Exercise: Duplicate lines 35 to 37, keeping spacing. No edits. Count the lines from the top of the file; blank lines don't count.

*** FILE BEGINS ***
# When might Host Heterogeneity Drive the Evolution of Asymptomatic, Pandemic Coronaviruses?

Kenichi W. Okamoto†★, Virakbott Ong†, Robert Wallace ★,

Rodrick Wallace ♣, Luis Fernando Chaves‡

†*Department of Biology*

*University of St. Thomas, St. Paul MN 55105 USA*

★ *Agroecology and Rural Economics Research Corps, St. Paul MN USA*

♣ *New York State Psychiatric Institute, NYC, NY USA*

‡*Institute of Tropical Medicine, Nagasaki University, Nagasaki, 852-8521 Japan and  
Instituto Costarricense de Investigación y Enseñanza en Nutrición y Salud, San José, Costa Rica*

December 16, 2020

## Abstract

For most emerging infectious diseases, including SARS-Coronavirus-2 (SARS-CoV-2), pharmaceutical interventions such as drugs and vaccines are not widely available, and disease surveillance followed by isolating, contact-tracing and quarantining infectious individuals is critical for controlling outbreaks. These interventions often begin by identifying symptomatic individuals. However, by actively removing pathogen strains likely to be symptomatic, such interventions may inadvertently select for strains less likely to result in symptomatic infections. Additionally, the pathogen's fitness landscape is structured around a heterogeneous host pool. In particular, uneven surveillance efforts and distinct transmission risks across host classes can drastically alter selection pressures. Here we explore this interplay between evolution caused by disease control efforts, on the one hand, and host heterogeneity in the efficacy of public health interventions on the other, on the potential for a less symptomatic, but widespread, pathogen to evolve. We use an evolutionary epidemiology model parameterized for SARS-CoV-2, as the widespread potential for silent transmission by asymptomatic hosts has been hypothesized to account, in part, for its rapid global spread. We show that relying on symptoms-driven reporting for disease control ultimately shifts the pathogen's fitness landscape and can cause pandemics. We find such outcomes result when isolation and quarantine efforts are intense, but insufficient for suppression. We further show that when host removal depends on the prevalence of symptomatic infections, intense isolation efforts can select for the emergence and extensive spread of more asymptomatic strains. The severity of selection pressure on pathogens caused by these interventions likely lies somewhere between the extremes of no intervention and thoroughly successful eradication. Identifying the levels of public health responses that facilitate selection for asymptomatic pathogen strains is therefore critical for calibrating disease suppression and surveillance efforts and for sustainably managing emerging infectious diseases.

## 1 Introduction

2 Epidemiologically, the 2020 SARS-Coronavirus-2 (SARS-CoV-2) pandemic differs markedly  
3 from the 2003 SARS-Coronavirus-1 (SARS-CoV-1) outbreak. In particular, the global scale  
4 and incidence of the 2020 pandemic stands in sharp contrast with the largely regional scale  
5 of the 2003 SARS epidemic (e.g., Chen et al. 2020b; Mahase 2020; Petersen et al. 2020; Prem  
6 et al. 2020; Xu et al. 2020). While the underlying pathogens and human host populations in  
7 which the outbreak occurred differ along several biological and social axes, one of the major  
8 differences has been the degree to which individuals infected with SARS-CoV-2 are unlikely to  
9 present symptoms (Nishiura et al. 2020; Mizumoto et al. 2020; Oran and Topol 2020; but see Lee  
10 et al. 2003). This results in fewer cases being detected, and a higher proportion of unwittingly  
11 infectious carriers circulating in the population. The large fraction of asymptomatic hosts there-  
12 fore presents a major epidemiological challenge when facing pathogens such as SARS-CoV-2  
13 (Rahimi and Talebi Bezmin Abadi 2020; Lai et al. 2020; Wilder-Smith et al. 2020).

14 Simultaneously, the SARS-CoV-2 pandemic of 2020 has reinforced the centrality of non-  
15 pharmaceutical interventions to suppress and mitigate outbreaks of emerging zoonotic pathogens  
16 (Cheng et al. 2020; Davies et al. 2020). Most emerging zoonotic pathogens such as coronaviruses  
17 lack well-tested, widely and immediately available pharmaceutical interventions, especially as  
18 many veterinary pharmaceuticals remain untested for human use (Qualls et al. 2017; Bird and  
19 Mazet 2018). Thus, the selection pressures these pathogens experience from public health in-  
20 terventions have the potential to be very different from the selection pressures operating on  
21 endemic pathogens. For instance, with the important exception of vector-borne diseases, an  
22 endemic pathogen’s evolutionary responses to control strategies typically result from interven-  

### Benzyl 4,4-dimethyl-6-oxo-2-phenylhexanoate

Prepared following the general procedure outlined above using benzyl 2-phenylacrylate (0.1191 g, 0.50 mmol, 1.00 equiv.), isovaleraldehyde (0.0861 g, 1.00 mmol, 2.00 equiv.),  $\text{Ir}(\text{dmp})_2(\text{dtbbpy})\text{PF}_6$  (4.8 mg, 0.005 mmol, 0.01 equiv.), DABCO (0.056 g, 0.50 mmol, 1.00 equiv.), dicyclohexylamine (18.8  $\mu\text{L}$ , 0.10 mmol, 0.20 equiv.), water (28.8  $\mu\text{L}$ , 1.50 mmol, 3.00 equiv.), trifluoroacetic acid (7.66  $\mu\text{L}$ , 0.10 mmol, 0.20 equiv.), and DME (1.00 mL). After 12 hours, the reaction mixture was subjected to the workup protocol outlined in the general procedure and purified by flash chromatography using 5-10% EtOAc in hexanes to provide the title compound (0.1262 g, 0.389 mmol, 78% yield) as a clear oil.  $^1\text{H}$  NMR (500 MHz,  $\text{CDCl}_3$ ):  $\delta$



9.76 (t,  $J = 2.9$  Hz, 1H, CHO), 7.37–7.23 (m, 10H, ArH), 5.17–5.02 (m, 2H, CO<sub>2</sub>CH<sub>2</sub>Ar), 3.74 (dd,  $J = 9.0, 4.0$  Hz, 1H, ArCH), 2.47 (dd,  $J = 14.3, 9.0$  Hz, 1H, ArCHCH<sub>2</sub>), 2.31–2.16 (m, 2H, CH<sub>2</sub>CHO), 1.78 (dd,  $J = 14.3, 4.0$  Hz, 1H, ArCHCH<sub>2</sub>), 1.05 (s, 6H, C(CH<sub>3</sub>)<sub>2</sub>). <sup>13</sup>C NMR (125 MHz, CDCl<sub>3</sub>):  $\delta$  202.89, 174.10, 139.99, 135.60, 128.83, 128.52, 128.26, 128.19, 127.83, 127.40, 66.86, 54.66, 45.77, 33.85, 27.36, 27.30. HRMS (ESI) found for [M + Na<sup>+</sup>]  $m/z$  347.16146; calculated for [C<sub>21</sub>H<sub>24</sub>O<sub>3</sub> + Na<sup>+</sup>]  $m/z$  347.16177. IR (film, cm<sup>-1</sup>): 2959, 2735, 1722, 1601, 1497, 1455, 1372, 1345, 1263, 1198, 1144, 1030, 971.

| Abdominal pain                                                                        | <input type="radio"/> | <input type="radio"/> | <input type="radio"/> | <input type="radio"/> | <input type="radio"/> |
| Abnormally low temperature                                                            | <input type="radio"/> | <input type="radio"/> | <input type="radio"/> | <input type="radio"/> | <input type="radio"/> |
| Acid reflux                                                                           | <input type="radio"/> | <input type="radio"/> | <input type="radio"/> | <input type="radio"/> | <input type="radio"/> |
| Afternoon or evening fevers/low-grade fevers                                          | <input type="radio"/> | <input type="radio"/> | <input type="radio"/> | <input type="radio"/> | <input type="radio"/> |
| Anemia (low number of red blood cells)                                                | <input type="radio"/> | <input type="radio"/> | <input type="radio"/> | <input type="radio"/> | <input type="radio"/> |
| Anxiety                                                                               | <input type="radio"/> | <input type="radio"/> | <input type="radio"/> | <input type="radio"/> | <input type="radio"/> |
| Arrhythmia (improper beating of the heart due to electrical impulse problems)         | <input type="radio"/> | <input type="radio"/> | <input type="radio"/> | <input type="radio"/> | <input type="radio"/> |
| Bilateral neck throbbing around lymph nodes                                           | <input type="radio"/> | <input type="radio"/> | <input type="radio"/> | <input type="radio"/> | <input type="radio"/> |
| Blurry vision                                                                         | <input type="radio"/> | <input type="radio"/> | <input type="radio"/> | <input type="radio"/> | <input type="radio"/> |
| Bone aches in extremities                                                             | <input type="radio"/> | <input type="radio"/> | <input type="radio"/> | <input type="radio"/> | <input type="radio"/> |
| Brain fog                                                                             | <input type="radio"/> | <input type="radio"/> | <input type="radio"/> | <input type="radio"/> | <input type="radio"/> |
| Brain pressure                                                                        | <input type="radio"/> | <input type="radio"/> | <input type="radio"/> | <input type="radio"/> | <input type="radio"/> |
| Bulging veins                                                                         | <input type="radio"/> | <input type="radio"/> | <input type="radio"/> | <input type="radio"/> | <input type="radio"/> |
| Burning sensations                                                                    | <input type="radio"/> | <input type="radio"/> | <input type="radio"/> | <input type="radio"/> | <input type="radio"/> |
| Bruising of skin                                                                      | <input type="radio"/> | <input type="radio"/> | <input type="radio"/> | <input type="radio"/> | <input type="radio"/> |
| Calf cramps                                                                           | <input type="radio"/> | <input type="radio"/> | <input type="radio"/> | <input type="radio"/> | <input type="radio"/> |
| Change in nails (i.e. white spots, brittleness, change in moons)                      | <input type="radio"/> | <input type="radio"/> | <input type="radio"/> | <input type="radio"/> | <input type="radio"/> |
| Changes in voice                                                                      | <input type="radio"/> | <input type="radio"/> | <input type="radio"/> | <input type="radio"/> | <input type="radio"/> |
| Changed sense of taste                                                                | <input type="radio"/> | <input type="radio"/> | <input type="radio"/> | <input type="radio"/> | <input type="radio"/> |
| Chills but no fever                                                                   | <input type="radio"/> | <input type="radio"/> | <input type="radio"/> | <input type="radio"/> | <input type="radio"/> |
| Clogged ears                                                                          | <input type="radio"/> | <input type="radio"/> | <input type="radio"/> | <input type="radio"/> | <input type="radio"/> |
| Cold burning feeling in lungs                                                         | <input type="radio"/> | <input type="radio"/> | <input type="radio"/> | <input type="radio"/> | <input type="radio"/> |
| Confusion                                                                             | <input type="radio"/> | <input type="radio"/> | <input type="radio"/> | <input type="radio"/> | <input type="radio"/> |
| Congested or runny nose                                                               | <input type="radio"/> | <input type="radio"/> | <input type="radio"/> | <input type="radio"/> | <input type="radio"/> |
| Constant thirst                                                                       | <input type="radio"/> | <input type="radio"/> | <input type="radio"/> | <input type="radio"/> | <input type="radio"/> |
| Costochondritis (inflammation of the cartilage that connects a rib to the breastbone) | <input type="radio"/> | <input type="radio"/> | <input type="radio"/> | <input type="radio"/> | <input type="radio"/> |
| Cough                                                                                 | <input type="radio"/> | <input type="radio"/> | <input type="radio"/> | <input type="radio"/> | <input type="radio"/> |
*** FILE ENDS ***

### Benzyl 4,4-dimethyl-6-oxo-2-phenylhexanoate

Prepared following the general procedure outlined above using benzyl 2-phenylacrylate (0.1191 g, 0.50 mmol, 1.00 equiv.), isovaleraldehyde (0.0861 g, 1.00 mmol, 2.00 equiv.),  $\text{Ir}(\text{dmp})_2(\text{dtbbpy})\text{PF}_6$  (4.8 mg, 0.005 mmol, 0.01 equiv.), DABCO (0.056 g, 0.50 mmol, 1.00 equiv.), dicyclohexylamine (18.8  $\mu\text{L}$ , 0.10 mmol, 0.20 equiv.), water (28.8  $\mu\text{L}$ , 1.50 mmol, 3.00 equiv.), trifluoroacetic acid (7.66  $\mu\text{L}$ , 0.10 mmol, 0.20 equiv.), and DME (1.00 mL). After 12 hours, the reaction mixture was subjected to the workup protocol outlined in the general procedure and purified by flash chromatography using 5-10% EtOAc in hexanes to provide the title compound (0.1262 g, 0.389 mmol, 78% yield) as a clear oil.  $^1\text{H}$  NMR (500 MHz,  $\text{CDCl}_3$ ):  $\delta$



9.76 (t,  $J = 2.9$  Hz, 1H, CHO), 7.37–7.23 (m, 10H, ArH), 5.17–5.02 (m, 2H, CO<sub>2</sub>CH<sub>2</sub>Ar), 3.74 (dd,  $J = 9.0, 4.0$  Hz, 1H, ArCH), 2.47 (dd,  $J = 14.3, 9.0$  Hz, 1H, ArCHCH<sub>2</sub>), 2.31–2.16 (m, 2H, CH<sub>2</sub>CHO), 1.78 (dd,  $J = 14.3, 4.0$  Hz, 1H, ArCHCH<sub>2</sub>), 1.05 (s, 6H, C(CH<sub>3</sub>)<sub>2</sub>). <sup>13</sup>C NMR (125 MHz, CDCl<sub>3</sub>):  $\delta$  202.89, 174.10, 139.99, 135.60, 128.83, 128.52, 128.26, 128.19, 127.83, 127.40, 66.86, 54.66, 45.77, 33.85, 27.36, 27.30. HRMS (ESI) found for [M + Na<sup>+</sup>]  $m/z$  347.16146; calculated for [C<sub>21</sub>H<sub>24</sub>O<sub>3</sub> + Na<sup>+</sup>]  $m/z$  347.16177. IR (film, cm<sup>-1</sup>): 2959, 2735, 1722, 1601, 1497, 1455, 1372, 1345, 1263, 1198, 1144, 1030, 971.